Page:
President Obama and Republicans in Congress are squaring off on the nation’s spending priorities for the year. Wyoming Republicans are proving an especially pointed thorn in President Obama’s side on the final budget he sent to Congress.
Every year here in Washington there’s a special dance that occurs between the White House and lawmakers in Congress. Feel free to think of it as the Budget Tango: like all things policy oriented, it’s not sexy. That is, unless you’re an accountant like Wyoming’s senior Senator Mike Enzi. But this year he decided there would be no dance. Enzi and other top Republicans upended decades of sacred congressional protocol and refused to even invite Obama administration officials to the Capitol to discuss their budget numbers.
“I thought this would save the president a little embarrassment,” Enzi said. “In the past every time that we voted on the president’s budget, the most votes he got, including Democrats, is One. Most of the time it was Zero. So it’s not a significant budget, and holding a hearing on it doesn’t do anything.”
Enzi is known as a policy guy. But critics say his presidential snub reeks of petty partisanship run amok. Former Democratic chair of the budget committee, Patty Murray of Washington State, says Enzi and other party leaders are merely hiding.
“Obviously they don’t want any discussion of what the priorities are for the president, and that’s really unfortunate,” Murray says.
Current Democratic senator and Former Virginia Governor Mark Warner says Enzi’s decision may strengthen the GOP in the short term but in the end it weakens the nation.
“They can complain about the budget – that’s their right. But for a group that complained about not doing budget, not even to start the process in an official way, makes me scratch my head,” he says. “I know it’s a presidential campaign year. But it’s this kind of behavior where I think the vast majority of Americans say ‘pox on both your houses.’”
Enough about snubs, let’s get into the details of the president’s four point one trillion dollar budget.
A small but powerful group of House Republicans are trying to slash the budget numbers already agreed to by congressional Republicans and the Democratic White House. Wyoming Congresswoman Cynthia Lummis is a member of the tea-party tinged House Freedom Caucus which is dead set on slashing the budget agreement reached at the end of last year by thirty billion dollars, even though that could derail the GOP’s chances of even passing a budget this year.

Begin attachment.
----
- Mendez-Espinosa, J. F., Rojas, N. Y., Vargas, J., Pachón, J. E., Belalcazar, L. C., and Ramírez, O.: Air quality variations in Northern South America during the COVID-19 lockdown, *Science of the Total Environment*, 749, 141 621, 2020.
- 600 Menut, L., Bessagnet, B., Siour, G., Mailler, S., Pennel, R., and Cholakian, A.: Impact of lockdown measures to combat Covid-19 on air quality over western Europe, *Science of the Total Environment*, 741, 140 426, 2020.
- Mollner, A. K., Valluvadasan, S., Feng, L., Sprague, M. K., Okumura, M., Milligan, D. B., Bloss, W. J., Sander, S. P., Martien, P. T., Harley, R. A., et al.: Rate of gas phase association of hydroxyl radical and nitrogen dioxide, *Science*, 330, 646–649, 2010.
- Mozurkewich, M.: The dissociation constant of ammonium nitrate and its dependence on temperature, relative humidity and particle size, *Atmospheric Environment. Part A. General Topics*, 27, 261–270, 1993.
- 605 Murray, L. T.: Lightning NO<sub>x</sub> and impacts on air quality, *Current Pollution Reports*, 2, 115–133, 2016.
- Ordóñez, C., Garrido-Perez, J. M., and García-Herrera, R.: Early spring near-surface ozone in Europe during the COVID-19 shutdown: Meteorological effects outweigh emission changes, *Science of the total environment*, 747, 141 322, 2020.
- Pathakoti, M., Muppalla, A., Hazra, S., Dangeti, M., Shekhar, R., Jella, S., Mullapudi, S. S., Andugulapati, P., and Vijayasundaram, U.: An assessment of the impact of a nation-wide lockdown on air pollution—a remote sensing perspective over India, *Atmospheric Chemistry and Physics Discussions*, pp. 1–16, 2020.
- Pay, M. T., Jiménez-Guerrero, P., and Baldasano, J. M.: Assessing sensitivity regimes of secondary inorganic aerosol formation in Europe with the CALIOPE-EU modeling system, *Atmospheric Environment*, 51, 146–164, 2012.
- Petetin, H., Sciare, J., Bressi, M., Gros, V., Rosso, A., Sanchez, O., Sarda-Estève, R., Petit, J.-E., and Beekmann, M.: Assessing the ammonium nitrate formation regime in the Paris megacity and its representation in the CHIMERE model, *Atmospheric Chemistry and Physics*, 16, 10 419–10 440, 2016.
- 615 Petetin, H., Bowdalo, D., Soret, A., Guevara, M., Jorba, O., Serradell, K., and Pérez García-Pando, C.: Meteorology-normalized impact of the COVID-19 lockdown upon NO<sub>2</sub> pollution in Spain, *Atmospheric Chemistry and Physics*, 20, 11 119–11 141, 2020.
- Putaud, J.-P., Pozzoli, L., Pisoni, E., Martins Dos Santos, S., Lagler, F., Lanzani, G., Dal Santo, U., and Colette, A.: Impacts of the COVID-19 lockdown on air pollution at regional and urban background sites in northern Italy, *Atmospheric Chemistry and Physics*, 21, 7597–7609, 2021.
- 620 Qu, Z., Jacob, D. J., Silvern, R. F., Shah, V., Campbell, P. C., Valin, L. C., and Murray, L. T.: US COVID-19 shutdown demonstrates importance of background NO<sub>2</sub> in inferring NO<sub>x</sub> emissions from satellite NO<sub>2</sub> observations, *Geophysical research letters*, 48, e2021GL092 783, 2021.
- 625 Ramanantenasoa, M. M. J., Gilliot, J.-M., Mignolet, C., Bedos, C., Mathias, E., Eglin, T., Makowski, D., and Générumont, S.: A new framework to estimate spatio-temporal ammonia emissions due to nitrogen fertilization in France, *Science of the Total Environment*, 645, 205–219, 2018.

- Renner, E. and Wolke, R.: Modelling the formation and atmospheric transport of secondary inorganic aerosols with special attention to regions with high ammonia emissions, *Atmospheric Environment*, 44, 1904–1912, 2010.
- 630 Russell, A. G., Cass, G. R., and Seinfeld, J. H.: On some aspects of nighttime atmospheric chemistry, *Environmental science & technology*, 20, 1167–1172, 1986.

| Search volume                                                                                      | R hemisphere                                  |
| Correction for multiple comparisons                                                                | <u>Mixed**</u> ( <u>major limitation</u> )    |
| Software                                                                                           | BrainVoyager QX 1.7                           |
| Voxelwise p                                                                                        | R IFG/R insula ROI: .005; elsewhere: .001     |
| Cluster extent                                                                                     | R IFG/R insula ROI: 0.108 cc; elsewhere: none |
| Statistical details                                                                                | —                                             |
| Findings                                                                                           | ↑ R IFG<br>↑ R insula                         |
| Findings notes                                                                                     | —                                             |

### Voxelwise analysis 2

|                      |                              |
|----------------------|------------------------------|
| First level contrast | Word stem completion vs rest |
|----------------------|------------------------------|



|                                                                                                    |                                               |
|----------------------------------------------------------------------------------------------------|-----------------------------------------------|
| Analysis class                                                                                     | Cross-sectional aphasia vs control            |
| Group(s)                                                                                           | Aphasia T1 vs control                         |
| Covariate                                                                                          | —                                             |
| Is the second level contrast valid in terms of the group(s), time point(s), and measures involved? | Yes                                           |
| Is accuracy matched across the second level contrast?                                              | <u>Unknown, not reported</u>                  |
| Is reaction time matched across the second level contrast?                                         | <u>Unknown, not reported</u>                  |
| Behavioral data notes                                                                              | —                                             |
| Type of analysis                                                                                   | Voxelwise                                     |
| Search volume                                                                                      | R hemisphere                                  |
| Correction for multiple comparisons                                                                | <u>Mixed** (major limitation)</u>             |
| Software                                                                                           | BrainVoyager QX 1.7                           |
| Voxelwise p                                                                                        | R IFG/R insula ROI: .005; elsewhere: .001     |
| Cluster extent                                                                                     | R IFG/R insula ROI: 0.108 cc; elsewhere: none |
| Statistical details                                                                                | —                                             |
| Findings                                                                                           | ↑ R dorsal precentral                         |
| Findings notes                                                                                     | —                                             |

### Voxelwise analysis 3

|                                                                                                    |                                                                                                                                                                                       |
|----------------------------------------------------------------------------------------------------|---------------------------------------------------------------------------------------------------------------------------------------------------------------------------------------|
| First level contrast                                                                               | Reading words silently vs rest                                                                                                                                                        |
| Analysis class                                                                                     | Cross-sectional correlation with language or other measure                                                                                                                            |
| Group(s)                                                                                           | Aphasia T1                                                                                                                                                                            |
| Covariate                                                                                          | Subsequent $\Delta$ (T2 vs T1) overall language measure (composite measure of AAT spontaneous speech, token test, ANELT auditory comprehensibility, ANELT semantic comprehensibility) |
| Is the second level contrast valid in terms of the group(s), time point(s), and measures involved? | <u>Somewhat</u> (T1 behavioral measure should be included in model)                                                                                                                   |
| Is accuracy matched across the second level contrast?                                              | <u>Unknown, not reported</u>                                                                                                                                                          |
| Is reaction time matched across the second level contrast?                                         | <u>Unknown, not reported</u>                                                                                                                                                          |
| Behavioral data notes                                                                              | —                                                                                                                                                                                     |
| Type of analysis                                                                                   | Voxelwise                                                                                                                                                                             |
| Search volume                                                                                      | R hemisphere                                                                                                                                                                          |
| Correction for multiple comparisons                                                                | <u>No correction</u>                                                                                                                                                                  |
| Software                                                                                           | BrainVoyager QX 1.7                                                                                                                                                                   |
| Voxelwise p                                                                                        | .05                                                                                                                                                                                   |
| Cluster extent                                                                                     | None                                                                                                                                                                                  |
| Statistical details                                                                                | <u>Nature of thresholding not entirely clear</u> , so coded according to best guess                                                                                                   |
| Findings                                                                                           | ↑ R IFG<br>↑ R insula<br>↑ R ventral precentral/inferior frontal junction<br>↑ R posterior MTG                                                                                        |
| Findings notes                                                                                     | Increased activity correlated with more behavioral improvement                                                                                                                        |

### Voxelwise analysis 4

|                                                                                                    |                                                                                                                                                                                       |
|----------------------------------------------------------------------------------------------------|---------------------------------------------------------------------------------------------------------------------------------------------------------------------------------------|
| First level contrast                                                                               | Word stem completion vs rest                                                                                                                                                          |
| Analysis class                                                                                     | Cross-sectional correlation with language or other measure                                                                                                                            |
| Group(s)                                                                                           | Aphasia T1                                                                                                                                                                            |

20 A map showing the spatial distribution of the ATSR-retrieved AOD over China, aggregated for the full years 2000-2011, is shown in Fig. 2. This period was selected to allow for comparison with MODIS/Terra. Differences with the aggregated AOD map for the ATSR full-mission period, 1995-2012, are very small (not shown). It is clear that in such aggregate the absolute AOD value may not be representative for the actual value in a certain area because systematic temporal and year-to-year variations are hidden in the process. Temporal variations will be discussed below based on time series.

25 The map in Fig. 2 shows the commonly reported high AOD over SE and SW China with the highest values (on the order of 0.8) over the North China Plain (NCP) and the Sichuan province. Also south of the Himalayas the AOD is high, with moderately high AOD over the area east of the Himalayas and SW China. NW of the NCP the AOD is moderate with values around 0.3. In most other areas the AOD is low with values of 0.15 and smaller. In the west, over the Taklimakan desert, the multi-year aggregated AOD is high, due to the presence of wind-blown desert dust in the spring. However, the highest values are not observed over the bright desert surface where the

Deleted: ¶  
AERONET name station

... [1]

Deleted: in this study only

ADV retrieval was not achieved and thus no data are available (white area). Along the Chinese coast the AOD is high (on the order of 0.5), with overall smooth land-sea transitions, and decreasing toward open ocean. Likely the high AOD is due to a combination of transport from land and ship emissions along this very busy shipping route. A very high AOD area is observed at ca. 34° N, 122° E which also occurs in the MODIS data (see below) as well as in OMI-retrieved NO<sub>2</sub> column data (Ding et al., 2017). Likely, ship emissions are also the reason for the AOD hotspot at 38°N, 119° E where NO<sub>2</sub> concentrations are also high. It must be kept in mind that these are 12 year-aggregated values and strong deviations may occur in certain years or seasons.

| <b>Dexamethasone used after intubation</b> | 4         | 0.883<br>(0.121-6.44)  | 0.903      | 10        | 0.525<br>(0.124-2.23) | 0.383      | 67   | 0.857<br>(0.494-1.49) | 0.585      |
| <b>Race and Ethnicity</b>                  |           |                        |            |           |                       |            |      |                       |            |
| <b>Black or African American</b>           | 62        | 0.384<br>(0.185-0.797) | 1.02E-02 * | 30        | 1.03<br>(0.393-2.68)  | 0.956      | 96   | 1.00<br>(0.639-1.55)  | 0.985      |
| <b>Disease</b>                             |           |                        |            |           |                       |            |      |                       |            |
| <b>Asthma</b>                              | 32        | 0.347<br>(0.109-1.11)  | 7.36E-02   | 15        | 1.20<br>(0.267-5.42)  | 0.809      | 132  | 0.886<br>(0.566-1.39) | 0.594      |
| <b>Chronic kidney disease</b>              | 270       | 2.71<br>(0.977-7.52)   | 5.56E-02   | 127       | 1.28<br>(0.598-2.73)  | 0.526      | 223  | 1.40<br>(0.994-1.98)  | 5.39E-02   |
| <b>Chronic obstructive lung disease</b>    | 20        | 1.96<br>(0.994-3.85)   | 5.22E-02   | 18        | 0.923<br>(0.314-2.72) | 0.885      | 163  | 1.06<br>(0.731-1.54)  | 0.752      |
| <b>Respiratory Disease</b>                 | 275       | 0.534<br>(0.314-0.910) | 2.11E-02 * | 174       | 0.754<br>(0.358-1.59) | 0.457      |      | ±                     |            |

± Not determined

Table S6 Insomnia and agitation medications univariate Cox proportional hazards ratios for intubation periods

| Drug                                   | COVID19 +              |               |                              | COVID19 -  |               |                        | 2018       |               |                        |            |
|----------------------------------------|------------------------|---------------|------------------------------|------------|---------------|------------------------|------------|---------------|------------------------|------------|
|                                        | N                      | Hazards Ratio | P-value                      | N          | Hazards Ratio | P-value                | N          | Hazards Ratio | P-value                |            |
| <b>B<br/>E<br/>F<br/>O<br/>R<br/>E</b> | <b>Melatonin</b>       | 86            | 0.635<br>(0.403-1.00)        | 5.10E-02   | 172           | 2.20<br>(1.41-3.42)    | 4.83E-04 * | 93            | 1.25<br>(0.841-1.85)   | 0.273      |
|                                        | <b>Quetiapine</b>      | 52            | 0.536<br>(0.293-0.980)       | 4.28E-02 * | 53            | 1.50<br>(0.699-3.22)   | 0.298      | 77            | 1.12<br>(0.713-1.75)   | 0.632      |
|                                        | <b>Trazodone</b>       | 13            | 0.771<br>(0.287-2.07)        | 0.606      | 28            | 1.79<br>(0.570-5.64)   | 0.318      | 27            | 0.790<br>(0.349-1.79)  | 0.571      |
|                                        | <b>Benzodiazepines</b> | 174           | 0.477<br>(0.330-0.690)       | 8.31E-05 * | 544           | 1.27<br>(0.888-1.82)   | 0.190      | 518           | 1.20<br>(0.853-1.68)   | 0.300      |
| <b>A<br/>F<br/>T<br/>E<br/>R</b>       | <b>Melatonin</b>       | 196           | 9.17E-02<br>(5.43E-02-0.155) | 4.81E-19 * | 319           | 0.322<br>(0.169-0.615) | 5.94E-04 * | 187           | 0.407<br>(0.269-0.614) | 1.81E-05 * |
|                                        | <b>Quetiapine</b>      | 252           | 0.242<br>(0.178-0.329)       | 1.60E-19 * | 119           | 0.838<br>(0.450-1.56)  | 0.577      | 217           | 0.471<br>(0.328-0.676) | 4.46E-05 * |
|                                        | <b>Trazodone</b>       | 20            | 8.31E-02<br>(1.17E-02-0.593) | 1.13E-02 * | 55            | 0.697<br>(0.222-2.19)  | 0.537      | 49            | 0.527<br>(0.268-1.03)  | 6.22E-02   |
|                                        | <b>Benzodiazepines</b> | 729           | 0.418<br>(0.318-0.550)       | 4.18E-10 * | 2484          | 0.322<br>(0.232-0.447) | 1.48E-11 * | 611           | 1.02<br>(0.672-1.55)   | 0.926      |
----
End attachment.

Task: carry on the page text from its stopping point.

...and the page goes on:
“We’re, in my opinion, in a tough position now that those numbers have been approved, to compel or cajole our conference to bring them down,” Lummis says.
That’s not stopping her though. She’s even found a unique revenue making system, selling off what she calls surplus U.S. government properties. Lummis thinks her proposal gives her party an out when it comes to covering the new spending levels agreed to last year before Speaker Boehner left office.
“I want to come to the negotiating table with honest alternatives so I can try to get to ‘Yes’ but right now I haven’t seen any proposals other than the ones I’m coming up with.”
Senator Mike Enzi disagrees.
“I don’t think that’s optional.”
In a sense, Enzi is asking for even more than Lummis. While she wants to find $30 billion in savings at the last minute, he wants to overhaul how budgeting is done in Washington. Enzi is hoping his party can negotiate new terms during this election year.
“It can’t be done in the same way for another four years if it isn’t done now, and the reason it’s important now is that we don’t know who the next president will be and we don’t know what the majorities will be after the next election. So everybody ought to be pretty reasonable on trying to figure out a way to keep our country financially sound.”
The president’s budget has practical implications on your life: It calls for a focused effort to eradicate cancer, while making early childhood education more affordable and accessible. It also seeks to double down on efforts to boost the renewable energy sector, as it would hike taxes by $10 a barrel on oil. That’s unacceptable to Wyoming’s junior senator John Barrasso.
“It’s basically a tax on hard working families, which shows the president wants to make us less competitive than Russia, than Iran,” Barrasso says. “And it’s heading in the wrong direction. Energy is a master resource and the president is trying to make America less competitive globally by proposing raising a gas tax of about $.25 per gallon. I oppose it!”
But lawmakers from coastal regions are praising the president’s vision. Here’s South Florida Democrat Alcee Hastings.
“Something is going on with sea level rise that needs to be addressed and if we do not, in the future, way beyond my lifetime, but sooner than later, you can expect there are going to be serious consequences.”
This is an election year. While neither party is likely to see many items on their competing wish lists checked off, the competing budget priorities will play a central role when voters cast ballots. Whether Enzi and Republicans overplayed their hand or whether the White House had no hand to play is yours to decide at the ballot box.